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Bigger than the West

Christianity is not reducible to liberal values

Tom Holland attends the Cliveden Literary Festival in Windsor, England, on Sept. 30. David Levenson/Getty Images Entertainment

Bigger than the West
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Is religion good for society? Increasingly, people are answering “yes” even if they might once have answered “no.” Regardless of whether they’re religious themselves, they have to admit that religion has given them a lot of nice things—specifically, Judeo-Christian religion. Do you like science? Do you like women’s rights? Do you like human rights, in general? Go thank a Christian!

In a nutshell, this is the thesis of British historian Tom Holland’s long 2019 book Dominion, subtitled How the Christian Revolution Remade the World. It was recently and notably cited by Ayaan Hirsi Ali, in her head-turning announcement that she now considers herself a Christian. After seeing the evil of fundamentalist Islam up close as a child, then pivoting to New Atheism as a young adult, Ali now believes that “Christianity has it all.” Everything she holds dear as a citizen of the West traces back to a Judeo-Christian ethic, whether she always admitted it or not.

Or does it?

To discuss some of these questions, the British talk show Unbelievable? brought together Ben Shapiro and YouTuber Alex O’Connor for a spirited new episode in a running series of “Big Conversations” between theists and atheists. The host barely got a word in edgewise as Shapiro and O’Connor rapidly traded points and counterpoints. Shapiro makes his own case for the societal benefits of religion from a distinctly Jewish perspective, sometimes overlapping with a Christian perspective, sometimes not. O’Connor seems to be a cheerful atheist determinist, arguing there isn’t even any such thing as free will, but conceding that it’s a helpful fiction.

Meanwhile, O’Connor is dubious about Tom Holland’s thesis. Partway through the debate, he launches into a long complaint that Christians can’t really honestly “claim” things like the scientific revolution, abolitionism, or women’s rights in the context of a liberal West, because they have been historically “wrong” on these and other issues. It’s all very well to say that all social justice movements are “Christian” in origin, but don’t some of these movements simply clash in substance with Christian precepts, especially when it comes to sexuality or gender roles?

Like many atheists, O’Connor engages in some bad history of ideas and makes multiple conflations in his argument. But he’s still putting a finger on something true here. Fundamentally, a writer like Tom Holland is a secular liberal, pitching his book to other secular liberals. As such, he and his audience have a hierarchy of “Western values” that will inevitably fail to map onto a conservative Christian value hierarchy.

Scripture will not tell anyone what he already wants to hear. It will provoke, unsettle, and challenge.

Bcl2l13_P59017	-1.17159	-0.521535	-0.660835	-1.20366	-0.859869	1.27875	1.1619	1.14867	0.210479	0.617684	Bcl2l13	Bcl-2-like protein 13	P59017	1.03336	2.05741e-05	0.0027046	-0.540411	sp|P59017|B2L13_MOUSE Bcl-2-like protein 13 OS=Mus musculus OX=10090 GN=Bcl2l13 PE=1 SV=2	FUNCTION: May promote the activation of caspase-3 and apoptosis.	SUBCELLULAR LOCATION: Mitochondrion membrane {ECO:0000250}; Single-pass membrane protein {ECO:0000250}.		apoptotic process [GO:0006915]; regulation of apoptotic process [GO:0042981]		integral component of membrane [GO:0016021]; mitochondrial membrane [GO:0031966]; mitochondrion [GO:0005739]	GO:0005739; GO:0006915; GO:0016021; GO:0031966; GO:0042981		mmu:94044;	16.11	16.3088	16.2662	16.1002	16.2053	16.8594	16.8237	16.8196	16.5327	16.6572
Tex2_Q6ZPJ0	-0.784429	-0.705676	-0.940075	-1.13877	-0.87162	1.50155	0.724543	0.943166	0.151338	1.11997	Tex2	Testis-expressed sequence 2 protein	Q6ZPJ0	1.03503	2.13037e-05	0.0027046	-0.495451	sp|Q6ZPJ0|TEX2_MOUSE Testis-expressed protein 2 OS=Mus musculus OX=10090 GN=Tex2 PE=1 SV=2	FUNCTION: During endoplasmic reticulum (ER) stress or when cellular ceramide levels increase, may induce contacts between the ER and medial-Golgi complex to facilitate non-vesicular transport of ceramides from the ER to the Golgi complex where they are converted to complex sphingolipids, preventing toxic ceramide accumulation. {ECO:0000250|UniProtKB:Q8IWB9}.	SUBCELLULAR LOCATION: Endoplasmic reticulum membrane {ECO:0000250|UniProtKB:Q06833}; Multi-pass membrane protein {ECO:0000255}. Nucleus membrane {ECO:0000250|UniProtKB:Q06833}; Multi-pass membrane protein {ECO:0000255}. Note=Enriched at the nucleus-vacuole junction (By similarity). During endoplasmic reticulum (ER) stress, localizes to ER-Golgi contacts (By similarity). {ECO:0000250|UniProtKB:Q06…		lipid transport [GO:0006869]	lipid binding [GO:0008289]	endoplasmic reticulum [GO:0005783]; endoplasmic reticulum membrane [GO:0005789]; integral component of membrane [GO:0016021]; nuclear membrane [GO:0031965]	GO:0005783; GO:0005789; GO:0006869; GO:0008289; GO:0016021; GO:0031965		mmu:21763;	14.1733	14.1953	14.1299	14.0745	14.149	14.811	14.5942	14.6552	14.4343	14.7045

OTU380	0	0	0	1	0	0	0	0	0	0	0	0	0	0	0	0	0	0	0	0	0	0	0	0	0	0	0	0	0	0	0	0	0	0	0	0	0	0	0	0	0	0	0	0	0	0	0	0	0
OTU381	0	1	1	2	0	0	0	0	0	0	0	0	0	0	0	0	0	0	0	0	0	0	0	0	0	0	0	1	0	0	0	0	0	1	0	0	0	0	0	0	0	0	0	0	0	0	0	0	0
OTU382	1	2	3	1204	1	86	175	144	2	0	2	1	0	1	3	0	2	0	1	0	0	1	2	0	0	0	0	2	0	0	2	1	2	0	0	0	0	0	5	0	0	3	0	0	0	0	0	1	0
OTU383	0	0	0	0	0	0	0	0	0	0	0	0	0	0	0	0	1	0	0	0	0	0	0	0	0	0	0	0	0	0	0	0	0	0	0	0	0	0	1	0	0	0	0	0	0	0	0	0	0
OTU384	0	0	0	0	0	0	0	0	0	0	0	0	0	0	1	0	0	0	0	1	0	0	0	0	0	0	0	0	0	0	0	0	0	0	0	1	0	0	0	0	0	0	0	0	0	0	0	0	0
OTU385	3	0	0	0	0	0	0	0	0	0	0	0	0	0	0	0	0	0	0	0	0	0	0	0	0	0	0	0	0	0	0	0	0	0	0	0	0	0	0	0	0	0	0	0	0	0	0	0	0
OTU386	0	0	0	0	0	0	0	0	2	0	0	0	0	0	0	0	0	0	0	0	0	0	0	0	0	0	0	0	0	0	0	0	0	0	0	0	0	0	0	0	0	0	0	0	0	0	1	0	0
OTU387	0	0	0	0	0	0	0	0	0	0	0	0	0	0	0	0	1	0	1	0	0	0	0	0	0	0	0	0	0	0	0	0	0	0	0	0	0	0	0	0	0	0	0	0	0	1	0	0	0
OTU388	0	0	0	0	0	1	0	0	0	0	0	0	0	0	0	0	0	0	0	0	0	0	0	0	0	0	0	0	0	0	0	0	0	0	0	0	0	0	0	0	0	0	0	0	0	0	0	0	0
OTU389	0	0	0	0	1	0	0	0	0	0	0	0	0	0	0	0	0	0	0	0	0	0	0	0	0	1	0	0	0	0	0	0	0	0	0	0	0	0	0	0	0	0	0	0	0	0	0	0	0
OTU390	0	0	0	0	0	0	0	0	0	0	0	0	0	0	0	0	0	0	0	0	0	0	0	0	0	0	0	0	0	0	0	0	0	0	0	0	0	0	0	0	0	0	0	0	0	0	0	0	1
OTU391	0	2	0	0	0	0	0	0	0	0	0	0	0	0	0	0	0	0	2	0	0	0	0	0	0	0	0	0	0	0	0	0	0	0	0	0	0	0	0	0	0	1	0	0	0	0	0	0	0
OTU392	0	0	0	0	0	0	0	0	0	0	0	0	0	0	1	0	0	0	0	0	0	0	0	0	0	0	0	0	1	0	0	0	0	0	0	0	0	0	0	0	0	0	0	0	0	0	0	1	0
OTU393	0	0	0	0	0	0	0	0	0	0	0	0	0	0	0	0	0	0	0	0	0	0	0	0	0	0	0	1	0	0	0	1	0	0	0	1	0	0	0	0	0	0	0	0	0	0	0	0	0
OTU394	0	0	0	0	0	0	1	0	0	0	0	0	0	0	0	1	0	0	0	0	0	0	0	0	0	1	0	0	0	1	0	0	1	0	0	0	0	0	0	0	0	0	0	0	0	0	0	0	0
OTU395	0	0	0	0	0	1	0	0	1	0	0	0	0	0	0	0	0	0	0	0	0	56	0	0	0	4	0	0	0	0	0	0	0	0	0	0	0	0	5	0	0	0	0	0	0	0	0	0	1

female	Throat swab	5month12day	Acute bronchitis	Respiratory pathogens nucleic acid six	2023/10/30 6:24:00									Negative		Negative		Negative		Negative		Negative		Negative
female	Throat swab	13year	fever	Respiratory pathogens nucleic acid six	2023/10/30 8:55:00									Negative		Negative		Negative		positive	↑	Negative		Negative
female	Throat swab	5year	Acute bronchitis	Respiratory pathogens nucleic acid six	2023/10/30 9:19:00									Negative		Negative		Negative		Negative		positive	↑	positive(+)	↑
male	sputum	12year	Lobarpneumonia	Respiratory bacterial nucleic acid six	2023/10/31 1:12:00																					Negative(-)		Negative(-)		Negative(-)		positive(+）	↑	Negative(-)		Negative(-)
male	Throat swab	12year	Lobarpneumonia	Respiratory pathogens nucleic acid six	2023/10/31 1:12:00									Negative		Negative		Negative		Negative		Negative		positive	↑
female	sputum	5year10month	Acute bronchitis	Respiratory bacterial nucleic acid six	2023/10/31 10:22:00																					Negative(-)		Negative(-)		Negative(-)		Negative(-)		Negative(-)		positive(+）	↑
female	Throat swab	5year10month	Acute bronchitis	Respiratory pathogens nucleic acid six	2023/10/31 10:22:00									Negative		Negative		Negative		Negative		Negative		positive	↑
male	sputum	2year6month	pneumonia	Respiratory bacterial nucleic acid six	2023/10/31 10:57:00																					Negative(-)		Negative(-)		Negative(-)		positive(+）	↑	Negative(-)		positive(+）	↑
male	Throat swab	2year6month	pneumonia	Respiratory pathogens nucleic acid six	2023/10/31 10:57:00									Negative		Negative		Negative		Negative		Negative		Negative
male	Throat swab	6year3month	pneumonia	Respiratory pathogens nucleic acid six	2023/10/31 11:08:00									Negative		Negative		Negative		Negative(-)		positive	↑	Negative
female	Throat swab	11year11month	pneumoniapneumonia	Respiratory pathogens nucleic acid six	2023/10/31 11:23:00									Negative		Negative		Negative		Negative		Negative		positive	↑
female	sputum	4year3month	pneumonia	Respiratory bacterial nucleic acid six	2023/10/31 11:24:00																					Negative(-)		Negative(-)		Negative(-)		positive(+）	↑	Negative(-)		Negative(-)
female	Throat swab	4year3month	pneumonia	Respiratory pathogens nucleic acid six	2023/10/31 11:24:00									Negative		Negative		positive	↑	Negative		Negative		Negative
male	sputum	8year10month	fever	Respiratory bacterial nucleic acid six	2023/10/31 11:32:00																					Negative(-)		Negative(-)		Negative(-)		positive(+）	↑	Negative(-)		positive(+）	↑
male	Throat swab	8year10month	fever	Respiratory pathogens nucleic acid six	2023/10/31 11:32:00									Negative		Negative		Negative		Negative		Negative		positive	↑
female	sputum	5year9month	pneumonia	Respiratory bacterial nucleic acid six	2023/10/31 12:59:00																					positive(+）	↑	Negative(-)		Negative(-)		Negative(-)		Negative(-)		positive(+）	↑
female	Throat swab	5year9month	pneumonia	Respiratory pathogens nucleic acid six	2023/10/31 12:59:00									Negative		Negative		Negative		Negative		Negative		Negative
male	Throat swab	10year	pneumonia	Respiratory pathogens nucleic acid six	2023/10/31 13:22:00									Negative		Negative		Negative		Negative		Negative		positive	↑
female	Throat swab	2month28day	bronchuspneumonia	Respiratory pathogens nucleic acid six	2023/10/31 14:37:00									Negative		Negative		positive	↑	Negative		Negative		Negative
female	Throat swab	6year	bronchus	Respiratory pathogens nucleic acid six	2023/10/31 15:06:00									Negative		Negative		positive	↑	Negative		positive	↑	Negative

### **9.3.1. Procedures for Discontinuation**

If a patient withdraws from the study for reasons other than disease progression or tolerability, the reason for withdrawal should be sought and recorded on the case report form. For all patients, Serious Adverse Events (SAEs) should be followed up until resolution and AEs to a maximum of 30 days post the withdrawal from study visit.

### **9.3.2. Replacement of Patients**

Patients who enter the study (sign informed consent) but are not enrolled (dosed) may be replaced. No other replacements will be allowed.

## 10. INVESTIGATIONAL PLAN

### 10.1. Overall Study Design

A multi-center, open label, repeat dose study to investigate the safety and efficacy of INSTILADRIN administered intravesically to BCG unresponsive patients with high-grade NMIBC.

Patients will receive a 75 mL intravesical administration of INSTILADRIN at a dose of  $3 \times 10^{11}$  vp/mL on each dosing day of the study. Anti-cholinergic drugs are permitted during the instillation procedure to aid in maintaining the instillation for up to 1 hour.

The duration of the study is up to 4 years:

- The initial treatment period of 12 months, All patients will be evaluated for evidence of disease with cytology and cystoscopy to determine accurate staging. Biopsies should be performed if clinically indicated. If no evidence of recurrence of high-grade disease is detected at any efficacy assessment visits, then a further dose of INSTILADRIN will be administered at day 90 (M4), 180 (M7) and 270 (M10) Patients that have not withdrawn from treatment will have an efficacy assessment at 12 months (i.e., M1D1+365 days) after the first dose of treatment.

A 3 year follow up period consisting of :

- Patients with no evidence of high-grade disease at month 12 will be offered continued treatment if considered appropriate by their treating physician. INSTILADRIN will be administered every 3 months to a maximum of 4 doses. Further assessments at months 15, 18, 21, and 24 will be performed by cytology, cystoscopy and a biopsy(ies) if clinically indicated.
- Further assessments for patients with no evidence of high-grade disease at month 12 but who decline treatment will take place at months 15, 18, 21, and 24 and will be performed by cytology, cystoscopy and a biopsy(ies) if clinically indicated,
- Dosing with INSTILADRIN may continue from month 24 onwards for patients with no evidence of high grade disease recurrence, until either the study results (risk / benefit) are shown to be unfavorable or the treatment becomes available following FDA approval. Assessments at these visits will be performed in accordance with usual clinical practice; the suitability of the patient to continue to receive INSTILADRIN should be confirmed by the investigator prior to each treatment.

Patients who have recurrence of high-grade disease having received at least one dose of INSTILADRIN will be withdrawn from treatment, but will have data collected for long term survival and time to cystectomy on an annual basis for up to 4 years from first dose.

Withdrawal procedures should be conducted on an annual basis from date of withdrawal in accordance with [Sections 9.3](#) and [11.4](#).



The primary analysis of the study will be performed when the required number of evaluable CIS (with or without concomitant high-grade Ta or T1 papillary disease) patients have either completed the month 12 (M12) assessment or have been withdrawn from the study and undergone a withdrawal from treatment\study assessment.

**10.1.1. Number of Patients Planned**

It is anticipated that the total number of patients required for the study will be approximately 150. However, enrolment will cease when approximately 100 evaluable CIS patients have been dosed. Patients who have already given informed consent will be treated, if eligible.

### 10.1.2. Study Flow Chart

To be sure, Holland rightly exposes the fact that any purely atheist framework for “human rights” is sitting in mid air. As he provocatively likes to put it, if an atheist wants to believe in human rights, he might as well believe in angels, or the resurrection of Jesus. (The point being that all of these beliefs are irrational articles of faith, which is itself disputable.) He’s also correct that any “rights” movement on behalf of the vulnerable or the weak is downstream of a seismic cultural paradigm shift. The Romans abandoned their girl babies, but the Christians rescued them. In the end, the Christians conquered the world.

But Holland’s thesis can’t be extended indefinitely. Christians believe women should be honored and protected, but that doesn’t mean feminism is the best way to honor and protect women, especially when it encourages them to kill their own children. Christians believe that gays and lesbians should have human rights, but that doesn’t mean same-sex marriage (or artificial family formation) is a human right. Any attempt to frame such debates as “Christian civil wars” will fall flat. Perhaps it’s a revelatory concept for secular liberals, but for the conservative Christian reader, it’s nothing more than reinventing the old liberal mainline wheel.

Ultimately, no analysis of how Christianity has “remade the world” will be complete as long as Christianity is reduced to an origin story for “liberal values.” It is far bigger than that, far less safe than that. Scripture will not tell anyone what he already wants to hear. It will provoke, unsettle, and challenge. If we recognize the Biblical foundations for human value while ignoring what the Bible says about human teleology, we have understood only half the story. And if we tell sinful people that they have dignity and worth without pointing them away from their sin, we are telling them only half the truth.

Tom Holland has started a great conversation about Christianity. But in the end, it will be up to Christians to finish it well.

Bethel McGrew

Bethel McGrew is a math Ph.D. and widely published freelance writer. Her work has appeared in First Things, National Review, The Spectator, and many other national and international outlets. Her Substack, Further Up, is one of the top paid newsletters in “Faith & Spirituality” on the platform. She has also contributed to two essay anthologies on Jordan Peterson. When not writing social criticism, she enjoys writing about literature, film, music, and history.


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